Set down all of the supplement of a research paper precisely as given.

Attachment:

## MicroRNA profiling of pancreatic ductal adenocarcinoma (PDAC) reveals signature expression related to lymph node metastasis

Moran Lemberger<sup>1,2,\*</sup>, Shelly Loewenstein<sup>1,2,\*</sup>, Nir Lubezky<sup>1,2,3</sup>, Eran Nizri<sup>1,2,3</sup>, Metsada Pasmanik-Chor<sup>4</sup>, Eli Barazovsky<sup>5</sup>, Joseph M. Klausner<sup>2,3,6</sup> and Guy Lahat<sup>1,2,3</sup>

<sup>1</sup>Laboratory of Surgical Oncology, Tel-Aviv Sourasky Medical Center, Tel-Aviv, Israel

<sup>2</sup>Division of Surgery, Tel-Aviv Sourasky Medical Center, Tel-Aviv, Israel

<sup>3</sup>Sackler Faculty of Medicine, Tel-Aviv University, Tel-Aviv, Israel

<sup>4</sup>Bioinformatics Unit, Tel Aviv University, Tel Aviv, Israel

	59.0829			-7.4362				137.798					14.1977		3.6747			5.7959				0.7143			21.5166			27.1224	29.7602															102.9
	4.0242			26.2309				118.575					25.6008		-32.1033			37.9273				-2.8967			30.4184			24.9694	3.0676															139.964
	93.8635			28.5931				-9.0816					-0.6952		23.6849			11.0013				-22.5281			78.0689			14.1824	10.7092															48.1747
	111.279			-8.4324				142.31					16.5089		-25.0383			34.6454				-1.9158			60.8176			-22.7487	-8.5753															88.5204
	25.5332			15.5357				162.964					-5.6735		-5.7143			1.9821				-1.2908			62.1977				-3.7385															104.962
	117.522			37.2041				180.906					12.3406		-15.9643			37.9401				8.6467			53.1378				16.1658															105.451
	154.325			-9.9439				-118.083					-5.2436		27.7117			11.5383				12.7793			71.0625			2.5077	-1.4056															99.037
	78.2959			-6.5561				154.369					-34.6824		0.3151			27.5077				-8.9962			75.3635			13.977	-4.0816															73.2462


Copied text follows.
## MicroRNA profiling of pancreatic ductal adenocarcinoma (PDAC) reveals signature expression related to lymph node metastasis

Moran Lemberger<sup>1,2,\*</sup>, Shelly Loewenstein<sup>1,2,\*</sup>, Nir Lubezky<sup>1,2,3</sup>, Eran Nizri<sup>1,2,3</sup>, Metsada Pasmanik-Chor<sup>4</sup>, Eli Barazovsky<sup>5</sup>, Joseph M. Klausner<sup>2,3,6</sup> and Guy Lahat<sup>1,2,3</sup>

<sup>1</sup>Laboratory of Surgical Oncology, Tel-Aviv Sourasky Medical Center, Tel-Aviv, Israel

<sup>2</sup>Division of Surgery, Tel-Aviv Sourasky Medical Center, Tel-Aviv, Israel

<sup>3</sup>Sackler Faculty of Medicine, Tel-Aviv University, Tel-Aviv, Israel

<sup>4</sup>Bioinformatics Unit, Tel Aviv University, Tel Aviv, Israel

	59.0829			-7.4362				137.798					14.1977		3.6747			5.7959				0.7143			21.5166			27.1224	29.7602															102.9
	4.0242			26.2309				118.575					25.6008		-32.1033			37.9273				-2.8967			30.4184			24.9694	3.0676															139.964
	93.8635			28.5931				-9.0816					-0.6952		23.6849			11.0013				-22.5281			78.0689			14.1824	10.7092															48.1747
	111.279			-8.4324				142.31					16.5089		-25.0383			34.6454				-1.9158			60.8176			-22.7487	-8.5753															88.5204
	25.5332			15.5357				162.964					-5.6735		-5.7143			1.9821				-1.2908			62.1977				-3.7385															104.962
	117.522			37.2041				180.906					12.3406		-15.9643			37.9401				8.6467			53.1378				16.1658															105.451
	154.325			-9.9439				-118.083					-5.2436		27.7117			11.5383				12.7793			71.0625			2.5077	-1.4056															99.037
	78.2959			-6.5561				154.369					-34.6824		0.3151			27.5077				-8.9962			75.3635			13.977	-4.0816															73.2462